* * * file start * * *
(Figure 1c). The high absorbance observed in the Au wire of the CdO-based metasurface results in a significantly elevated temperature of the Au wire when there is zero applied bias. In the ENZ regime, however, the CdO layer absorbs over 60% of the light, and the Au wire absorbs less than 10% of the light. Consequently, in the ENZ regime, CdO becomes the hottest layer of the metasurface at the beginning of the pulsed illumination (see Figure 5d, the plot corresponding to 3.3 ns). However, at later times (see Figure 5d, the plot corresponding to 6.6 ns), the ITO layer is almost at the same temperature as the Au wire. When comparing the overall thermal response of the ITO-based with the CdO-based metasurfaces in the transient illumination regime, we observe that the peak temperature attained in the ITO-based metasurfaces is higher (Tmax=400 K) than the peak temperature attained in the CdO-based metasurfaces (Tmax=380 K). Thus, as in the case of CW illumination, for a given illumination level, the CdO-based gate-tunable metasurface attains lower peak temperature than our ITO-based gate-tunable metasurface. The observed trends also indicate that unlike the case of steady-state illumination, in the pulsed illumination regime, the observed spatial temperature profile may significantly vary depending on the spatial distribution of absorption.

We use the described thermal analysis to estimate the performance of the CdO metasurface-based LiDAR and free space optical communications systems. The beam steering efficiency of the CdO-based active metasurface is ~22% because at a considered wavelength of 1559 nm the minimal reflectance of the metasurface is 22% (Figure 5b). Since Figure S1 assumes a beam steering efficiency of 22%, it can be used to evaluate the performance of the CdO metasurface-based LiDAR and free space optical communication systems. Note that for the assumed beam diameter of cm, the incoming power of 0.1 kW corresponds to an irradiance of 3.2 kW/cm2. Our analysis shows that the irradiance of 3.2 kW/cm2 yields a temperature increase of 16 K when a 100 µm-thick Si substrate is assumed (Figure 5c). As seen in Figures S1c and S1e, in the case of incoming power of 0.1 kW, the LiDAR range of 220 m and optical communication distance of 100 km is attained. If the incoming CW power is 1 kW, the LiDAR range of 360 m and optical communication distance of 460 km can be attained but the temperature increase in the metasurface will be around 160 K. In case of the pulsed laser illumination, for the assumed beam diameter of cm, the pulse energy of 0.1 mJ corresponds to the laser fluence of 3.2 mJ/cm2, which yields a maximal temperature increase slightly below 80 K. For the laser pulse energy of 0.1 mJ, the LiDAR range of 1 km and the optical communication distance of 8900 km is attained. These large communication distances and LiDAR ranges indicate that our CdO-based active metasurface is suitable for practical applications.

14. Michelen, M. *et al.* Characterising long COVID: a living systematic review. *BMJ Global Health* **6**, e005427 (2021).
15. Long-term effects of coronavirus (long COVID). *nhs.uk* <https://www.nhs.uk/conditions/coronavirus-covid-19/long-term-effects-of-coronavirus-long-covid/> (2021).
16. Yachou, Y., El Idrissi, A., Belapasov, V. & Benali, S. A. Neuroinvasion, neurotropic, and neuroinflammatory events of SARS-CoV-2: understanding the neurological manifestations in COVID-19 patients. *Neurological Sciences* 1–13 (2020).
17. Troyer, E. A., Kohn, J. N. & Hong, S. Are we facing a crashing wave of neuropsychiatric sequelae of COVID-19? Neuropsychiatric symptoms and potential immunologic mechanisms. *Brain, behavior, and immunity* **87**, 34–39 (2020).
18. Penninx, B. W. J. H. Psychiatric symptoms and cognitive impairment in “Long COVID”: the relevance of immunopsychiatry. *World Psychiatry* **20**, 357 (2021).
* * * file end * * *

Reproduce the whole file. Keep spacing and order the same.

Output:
(Figure 1c). The high absorbance observed in the Au wire of the CdO-based metasurface results in a significantly elevated temperature of the Au wire when there is zero applied bias. In the ENZ regime, however, the CdO layer absorbs over 60% of the light, and the Au wire absorbs less than 10% of the light. Consequently, in the ENZ regime, CdO becomes the hottest layer of the metasurface at the beginning of the pulsed illumination (see Figure 5d, the plot corresponding to 3.3 ns). However, at later times (see Figure 5d, the plot corresponding to 6.6 ns), the ITO layer is almost at the same temperature as the Au wire. When comparing the overall thermal response of the ITO-based with the CdO-based metasurfaces in the transient illumination regime, we observe that the peak temperature attained in the ITO-based metasurfaces is higher (Tmax=400 K) than the peak temperature attained in the CdO-based metasurfaces (Tmax=380 K). Thus, as in the case of CW illumination, for a given illumination level, the CdO-based gate-tunable metasurface attains lower peak temperature than our ITO-based gate-tunable metasurface. The observed trends also indicate that unlike the case of steady-state illumination, in the pulsed illumination regime, the observed spatial temperature profile may significantly vary depending on the spatial distribution of absorption.

We use the described thermal analysis to estimate the performance of the CdO metasurface-based LiDAR and free space optical communications systems. The beam steering efficiency of the CdO-based active metasurface is ~22% because at a considered wavelength of 1559 nm the minimal reflectance of the metasurface is 22% (Figure 5b). Since Figure S1 assumes a beam steering efficiency of 22%, it can be used to evaluate the performance of the CdO metasurface-based LiDAR and free space optical communication systems. Note that for the assumed beam diameter of cm, the incoming power of 0.1 kW corresponds to an irradiance of 3.2 kW/cm2. Our analysis shows that the irradiance of 3.2 kW/cm2 yields a temperature increase of 16 K when a 100 µm-thick Si substrate is assumed (Figure 5c). As seen in Figures S1c and S1e, in the case of incoming power of 0.1 kW, the LiDAR range of 220 m and optical communication distance of 100 km is attained. If the incoming CW power is 1 kW, the LiDAR range of 360 m and optical communication distance of 460 km can be attained but the temperature increase in the metasurface will be around 160 K. In case of the pulsed laser illumination, for the assumed beam diameter of cm, the pulse energy of 0.1 mJ corresponds to the laser fluence of 3.2 mJ/cm2, which yields a maximal temperature increase slightly below 80 K. For the laser pulse energy of 0.1 mJ, the LiDAR range of 1 km and the optical communication distance of 8900 km is attained. These large communication distances and LiDAR ranges indicate that our CdO-based active metasurface is suitable for practical applications.

14. Michelen, M. *et al.* Characterising long COVID: a living systematic review. *BMJ Global Health* **6**, e005427 (2021).
15. Long-term effects of coronavirus (long COVID). *nhs.uk* <https://www.nhs.uk/conditions/coronavirus-covid-19/long-term-effects-of-coronavirus-long-covid/> (2021).
16. Yachou, Y., El Idrissi, A., Belapasov, V. & Benali, S. A. Neuroinvasion, neurotropic, and neuroinflammatory events of SARS-CoV-2: understanding the neurological manifestations in COVID-19 patients. *Neurological Sciences* 1–13 (2020).
17. Troyer, E. A., Kohn, J. N. & Hong, S. Are we facing a crashing wave of neuropsychiatric sequelae of COVID-19? Neuropsychiatric symptoms and potential immunologic mechanisms. *Brain, behavior, and immunity* **87**, 34–39 (2020).
18. Penninx, B. W. J. H. Psychiatric symptoms and cognitive impairment in “Long COVID”: the relevance of immunopsychiatry. *World Psychiatry* **20**, 357 (2021).